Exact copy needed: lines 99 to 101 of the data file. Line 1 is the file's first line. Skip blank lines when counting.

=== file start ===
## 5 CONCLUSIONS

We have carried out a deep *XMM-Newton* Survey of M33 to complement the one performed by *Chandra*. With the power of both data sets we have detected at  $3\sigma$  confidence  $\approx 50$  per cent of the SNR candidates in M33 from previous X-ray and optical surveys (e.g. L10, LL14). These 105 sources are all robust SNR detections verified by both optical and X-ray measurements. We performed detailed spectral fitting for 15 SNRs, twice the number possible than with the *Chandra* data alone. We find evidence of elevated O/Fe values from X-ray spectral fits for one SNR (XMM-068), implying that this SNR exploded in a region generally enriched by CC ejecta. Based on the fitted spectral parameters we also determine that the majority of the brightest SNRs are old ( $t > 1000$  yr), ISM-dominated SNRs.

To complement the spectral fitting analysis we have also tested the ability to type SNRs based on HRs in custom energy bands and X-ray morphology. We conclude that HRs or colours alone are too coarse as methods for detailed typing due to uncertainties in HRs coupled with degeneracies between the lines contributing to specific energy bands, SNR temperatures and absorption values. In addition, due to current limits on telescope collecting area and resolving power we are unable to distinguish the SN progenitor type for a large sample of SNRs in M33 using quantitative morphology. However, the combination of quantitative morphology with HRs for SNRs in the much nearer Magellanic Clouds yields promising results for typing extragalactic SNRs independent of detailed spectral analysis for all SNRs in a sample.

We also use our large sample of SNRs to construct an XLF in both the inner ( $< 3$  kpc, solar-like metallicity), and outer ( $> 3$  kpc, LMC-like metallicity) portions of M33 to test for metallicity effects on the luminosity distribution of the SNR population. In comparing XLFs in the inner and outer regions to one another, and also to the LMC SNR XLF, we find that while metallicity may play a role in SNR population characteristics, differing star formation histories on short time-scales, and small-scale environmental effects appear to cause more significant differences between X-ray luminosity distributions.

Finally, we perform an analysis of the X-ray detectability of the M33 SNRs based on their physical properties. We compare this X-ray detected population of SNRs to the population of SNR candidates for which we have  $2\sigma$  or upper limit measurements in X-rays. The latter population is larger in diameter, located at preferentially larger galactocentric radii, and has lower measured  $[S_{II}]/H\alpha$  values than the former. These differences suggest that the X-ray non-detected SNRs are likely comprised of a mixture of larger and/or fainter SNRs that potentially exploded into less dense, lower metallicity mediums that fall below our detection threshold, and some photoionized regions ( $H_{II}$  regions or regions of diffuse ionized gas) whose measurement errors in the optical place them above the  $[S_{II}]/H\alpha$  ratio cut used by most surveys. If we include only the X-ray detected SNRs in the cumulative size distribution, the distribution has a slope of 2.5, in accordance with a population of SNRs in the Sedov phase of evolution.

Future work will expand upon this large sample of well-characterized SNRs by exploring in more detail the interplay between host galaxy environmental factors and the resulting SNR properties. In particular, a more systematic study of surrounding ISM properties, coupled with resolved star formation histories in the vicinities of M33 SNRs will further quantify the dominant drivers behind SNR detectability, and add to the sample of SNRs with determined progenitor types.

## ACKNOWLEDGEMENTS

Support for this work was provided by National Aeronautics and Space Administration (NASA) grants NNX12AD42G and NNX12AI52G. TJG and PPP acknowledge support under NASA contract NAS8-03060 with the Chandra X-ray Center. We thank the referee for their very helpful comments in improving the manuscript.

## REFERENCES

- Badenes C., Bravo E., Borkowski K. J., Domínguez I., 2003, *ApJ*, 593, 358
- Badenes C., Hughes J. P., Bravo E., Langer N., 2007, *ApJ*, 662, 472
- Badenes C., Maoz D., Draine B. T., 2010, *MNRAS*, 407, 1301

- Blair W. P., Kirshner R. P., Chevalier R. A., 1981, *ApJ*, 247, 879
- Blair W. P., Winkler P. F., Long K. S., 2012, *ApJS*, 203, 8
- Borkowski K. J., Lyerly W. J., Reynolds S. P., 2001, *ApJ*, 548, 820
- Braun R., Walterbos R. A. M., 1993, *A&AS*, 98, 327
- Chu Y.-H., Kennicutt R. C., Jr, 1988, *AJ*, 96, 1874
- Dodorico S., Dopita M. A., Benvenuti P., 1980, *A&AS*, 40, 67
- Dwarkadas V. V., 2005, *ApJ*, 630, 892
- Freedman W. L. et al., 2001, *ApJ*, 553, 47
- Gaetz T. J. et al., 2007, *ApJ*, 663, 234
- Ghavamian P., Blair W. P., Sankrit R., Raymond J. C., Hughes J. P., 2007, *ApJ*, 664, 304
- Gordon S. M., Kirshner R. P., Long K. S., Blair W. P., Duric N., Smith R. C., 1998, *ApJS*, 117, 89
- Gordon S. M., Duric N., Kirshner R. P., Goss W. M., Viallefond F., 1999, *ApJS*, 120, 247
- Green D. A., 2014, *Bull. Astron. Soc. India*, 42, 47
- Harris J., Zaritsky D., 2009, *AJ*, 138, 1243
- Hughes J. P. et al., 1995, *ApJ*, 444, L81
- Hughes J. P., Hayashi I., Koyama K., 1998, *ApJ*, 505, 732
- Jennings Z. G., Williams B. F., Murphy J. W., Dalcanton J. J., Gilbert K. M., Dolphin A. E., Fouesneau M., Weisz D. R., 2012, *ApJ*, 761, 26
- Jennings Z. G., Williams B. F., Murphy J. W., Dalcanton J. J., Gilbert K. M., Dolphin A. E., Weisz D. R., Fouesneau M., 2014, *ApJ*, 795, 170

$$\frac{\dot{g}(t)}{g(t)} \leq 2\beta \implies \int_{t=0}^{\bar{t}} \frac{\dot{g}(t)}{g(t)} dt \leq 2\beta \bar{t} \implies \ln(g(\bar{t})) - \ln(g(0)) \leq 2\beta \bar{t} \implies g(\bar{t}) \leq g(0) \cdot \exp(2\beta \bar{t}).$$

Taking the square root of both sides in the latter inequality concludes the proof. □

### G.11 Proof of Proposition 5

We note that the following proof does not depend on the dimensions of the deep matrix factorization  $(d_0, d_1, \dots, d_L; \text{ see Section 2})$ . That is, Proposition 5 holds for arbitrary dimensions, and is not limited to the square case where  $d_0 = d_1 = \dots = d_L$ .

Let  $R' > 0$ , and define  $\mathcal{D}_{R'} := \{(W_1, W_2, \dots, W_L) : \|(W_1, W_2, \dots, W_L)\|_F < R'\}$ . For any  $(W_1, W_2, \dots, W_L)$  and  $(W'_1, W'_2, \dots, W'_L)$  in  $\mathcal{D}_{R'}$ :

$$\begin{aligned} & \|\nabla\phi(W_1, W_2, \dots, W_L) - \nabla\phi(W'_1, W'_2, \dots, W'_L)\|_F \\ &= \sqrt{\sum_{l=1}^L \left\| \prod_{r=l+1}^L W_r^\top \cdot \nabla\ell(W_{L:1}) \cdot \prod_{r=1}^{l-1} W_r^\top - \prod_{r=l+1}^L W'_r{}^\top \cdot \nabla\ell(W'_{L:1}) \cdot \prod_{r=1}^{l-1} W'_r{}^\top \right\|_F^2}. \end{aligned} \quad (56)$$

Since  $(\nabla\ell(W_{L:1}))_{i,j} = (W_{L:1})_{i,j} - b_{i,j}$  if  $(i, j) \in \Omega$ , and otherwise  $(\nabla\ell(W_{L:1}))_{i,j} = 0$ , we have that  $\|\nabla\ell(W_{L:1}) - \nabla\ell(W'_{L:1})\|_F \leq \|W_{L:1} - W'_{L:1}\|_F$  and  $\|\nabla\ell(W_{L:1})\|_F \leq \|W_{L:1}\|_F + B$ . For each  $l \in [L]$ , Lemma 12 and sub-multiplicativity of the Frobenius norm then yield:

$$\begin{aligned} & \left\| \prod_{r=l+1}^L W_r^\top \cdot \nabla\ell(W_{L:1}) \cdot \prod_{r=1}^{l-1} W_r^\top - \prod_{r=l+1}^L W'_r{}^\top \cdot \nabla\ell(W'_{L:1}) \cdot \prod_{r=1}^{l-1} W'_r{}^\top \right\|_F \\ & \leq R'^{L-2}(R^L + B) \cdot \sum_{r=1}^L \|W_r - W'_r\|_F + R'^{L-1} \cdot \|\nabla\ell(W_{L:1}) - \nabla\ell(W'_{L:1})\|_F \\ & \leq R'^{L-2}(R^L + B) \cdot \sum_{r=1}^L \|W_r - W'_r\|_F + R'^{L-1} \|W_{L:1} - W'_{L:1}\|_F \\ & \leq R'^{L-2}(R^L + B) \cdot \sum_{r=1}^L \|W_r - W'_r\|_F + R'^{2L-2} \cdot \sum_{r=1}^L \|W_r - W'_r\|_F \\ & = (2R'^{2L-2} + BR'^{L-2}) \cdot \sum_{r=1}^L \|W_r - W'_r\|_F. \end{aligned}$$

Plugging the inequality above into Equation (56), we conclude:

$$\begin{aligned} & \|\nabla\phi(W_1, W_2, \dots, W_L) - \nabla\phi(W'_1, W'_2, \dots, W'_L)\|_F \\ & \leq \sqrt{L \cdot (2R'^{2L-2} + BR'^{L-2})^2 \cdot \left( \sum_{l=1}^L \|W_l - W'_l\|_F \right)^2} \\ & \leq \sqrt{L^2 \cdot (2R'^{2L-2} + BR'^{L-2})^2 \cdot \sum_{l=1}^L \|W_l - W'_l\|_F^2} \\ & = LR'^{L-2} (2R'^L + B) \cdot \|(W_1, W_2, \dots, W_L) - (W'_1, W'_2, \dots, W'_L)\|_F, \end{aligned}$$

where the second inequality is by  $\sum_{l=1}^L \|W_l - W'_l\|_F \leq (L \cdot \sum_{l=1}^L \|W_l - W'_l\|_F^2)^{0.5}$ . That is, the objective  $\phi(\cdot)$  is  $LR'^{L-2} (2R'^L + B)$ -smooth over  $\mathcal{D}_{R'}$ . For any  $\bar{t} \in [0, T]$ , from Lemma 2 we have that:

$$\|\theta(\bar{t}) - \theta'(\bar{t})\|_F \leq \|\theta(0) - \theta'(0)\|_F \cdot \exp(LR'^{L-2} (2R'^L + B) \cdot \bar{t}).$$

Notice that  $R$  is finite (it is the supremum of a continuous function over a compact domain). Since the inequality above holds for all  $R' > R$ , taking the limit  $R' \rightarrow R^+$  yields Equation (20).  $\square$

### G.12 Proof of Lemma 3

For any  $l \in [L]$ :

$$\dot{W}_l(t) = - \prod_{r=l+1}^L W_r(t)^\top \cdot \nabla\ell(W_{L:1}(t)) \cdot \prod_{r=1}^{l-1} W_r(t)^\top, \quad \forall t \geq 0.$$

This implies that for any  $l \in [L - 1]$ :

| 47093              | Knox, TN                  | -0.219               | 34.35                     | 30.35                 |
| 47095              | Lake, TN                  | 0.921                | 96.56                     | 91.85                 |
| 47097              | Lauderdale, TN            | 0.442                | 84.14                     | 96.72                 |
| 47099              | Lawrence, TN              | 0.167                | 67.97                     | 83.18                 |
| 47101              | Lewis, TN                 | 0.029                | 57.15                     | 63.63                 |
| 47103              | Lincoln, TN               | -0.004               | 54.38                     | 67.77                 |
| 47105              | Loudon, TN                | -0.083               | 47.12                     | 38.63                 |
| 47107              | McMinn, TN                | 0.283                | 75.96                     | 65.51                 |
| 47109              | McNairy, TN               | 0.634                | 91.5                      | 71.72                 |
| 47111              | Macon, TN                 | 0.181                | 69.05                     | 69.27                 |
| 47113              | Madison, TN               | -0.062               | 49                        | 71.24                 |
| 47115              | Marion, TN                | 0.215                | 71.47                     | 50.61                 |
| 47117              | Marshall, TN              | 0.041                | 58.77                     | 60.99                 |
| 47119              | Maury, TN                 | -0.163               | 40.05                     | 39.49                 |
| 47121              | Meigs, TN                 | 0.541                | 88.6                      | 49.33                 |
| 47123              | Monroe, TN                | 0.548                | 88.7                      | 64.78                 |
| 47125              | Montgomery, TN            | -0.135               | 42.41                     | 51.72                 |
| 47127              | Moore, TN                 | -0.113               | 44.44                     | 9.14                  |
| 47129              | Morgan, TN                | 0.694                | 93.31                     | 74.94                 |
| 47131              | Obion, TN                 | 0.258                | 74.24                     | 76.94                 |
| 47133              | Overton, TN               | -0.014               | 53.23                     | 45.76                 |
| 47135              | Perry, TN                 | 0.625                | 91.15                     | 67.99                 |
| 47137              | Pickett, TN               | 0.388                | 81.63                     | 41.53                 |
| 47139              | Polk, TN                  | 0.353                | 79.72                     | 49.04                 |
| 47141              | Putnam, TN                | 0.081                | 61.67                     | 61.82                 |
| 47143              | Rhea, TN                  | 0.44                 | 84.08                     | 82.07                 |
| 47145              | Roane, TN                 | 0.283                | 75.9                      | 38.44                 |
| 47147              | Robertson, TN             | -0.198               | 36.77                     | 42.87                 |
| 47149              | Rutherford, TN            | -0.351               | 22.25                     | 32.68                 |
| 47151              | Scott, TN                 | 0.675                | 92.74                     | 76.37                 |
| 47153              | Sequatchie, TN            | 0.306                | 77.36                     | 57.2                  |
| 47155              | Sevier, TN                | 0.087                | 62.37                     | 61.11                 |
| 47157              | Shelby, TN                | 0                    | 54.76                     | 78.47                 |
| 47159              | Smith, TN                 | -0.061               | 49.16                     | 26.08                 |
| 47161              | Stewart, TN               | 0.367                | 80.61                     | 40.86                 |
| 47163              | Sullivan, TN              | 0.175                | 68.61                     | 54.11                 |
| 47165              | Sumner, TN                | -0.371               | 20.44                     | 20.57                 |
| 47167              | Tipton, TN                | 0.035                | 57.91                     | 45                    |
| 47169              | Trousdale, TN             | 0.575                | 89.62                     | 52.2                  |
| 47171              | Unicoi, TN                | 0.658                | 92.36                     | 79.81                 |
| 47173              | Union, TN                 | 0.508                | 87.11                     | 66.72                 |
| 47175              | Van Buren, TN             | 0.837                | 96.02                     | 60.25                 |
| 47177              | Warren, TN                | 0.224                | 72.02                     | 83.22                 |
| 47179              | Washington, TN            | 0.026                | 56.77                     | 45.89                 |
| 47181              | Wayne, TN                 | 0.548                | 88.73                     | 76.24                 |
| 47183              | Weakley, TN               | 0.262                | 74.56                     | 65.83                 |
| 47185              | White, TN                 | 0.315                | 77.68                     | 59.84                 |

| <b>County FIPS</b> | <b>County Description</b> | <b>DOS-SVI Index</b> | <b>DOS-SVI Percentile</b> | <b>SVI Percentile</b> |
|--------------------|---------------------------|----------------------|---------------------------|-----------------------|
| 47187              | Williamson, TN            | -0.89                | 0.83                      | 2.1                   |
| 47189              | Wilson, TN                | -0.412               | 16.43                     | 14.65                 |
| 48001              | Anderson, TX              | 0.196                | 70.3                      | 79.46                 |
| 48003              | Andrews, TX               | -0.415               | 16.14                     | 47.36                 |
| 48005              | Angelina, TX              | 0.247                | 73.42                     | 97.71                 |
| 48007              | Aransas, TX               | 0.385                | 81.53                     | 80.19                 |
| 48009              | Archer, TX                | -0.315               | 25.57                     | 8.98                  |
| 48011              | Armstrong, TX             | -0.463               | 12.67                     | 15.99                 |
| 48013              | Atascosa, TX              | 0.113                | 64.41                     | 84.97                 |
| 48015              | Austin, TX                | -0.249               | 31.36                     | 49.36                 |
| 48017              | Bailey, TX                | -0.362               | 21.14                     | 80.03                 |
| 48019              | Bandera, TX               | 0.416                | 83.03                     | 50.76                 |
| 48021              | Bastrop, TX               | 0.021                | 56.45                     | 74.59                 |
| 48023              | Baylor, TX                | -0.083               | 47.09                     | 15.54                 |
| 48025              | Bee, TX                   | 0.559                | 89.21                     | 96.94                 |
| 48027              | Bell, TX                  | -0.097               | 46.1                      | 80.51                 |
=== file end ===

| 48001              | Anderson, TX              | 0.196                | 70.3                      | 79.46                 |
| 48003              | Andrews, TX               | -0.415               | 16.14                     | 47.36                 |
| 48005              | Angelina, TX              | 0.247                | 73.42                     | 97.71                 |